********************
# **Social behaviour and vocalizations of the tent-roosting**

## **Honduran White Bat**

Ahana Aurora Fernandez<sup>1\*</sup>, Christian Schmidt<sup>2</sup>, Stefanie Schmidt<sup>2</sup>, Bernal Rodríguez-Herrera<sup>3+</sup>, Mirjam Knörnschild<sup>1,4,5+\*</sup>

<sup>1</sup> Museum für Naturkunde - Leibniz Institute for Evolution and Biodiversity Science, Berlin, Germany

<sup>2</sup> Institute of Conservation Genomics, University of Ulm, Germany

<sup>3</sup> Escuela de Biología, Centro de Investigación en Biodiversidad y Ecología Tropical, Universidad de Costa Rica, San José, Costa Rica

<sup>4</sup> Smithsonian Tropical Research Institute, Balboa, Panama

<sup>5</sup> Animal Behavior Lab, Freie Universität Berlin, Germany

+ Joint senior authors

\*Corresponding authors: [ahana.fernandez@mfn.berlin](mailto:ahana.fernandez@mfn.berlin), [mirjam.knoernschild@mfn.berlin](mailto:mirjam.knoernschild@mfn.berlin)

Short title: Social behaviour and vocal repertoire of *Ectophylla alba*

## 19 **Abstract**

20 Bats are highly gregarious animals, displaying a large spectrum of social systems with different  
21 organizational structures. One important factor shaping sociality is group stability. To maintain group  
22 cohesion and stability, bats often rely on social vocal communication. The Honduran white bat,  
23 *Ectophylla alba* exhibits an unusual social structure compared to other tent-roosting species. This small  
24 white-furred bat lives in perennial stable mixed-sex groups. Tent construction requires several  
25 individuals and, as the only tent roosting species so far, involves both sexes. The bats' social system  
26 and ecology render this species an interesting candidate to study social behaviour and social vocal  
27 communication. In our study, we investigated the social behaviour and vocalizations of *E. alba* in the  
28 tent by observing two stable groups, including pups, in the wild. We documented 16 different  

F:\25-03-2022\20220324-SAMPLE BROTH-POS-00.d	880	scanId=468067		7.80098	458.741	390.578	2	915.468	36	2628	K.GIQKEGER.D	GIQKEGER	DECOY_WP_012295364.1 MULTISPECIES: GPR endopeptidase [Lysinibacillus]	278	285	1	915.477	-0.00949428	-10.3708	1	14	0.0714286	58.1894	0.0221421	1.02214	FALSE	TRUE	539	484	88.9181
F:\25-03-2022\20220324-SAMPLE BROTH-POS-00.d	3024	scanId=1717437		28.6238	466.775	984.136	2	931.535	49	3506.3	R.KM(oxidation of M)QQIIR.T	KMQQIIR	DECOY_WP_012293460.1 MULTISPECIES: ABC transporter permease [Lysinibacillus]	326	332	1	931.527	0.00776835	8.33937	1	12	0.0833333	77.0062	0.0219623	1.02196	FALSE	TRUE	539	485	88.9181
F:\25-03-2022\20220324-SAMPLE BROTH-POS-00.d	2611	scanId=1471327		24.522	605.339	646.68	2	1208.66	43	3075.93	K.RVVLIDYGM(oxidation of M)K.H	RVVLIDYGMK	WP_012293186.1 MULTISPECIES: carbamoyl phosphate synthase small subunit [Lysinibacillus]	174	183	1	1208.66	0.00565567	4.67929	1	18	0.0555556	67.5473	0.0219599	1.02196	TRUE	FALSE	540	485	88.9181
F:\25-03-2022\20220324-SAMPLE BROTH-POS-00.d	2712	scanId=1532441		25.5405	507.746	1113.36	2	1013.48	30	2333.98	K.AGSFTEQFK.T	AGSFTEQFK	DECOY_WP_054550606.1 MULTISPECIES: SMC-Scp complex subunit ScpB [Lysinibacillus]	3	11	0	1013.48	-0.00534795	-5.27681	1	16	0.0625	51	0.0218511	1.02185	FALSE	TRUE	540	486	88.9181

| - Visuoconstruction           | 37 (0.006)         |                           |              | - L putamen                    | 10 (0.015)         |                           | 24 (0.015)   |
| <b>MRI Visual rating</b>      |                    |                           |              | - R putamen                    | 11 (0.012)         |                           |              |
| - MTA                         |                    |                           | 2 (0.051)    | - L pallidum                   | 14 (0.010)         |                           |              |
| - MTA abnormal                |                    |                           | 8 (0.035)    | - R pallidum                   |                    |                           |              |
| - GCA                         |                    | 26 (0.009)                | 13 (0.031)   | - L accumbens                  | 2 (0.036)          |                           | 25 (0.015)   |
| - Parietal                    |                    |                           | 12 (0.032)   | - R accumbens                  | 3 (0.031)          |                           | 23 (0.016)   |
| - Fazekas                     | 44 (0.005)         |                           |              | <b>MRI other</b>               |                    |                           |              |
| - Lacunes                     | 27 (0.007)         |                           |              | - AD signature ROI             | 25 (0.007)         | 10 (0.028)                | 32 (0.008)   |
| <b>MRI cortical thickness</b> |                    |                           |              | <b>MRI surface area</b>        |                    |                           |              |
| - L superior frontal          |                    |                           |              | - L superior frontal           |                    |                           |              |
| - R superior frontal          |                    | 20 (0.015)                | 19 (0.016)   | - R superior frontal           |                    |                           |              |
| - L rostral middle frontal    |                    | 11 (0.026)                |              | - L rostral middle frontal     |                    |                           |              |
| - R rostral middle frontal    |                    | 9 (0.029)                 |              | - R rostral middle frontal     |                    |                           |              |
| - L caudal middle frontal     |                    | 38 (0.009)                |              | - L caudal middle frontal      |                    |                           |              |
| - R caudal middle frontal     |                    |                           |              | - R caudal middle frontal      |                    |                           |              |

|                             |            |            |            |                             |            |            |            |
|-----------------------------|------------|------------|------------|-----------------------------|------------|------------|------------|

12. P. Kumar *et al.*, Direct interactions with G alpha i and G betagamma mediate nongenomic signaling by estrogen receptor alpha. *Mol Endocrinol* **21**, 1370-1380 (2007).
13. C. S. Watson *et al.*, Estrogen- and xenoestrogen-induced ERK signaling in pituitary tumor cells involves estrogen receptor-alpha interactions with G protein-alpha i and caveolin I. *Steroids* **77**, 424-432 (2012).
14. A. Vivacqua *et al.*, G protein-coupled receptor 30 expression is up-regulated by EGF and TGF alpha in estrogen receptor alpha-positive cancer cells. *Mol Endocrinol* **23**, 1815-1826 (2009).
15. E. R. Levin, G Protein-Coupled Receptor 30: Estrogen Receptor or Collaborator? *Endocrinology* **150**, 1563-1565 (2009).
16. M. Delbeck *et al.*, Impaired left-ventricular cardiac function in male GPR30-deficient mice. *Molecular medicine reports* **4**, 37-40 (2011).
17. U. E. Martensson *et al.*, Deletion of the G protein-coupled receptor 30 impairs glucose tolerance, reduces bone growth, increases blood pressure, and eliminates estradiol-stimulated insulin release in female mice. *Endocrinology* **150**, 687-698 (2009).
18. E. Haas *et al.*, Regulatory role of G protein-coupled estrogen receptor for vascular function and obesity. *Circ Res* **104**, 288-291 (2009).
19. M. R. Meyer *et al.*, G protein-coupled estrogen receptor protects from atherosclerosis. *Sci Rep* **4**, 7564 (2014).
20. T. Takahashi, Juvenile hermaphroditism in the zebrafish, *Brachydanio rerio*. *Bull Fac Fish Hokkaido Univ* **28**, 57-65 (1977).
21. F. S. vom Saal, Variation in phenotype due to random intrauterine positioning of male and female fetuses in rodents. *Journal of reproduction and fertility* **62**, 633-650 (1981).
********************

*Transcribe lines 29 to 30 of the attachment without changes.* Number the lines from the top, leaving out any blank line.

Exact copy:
| - MTA abnormal                |                    |                           | 8 (0.035)    | - R pallidum                   |                    |                           |              |
| - GCA                         |                    | 26 (0.009)                | 13 (0.031)   | - L accumbens                  | 2 (0.036)          |                           | 25 (0.015)   |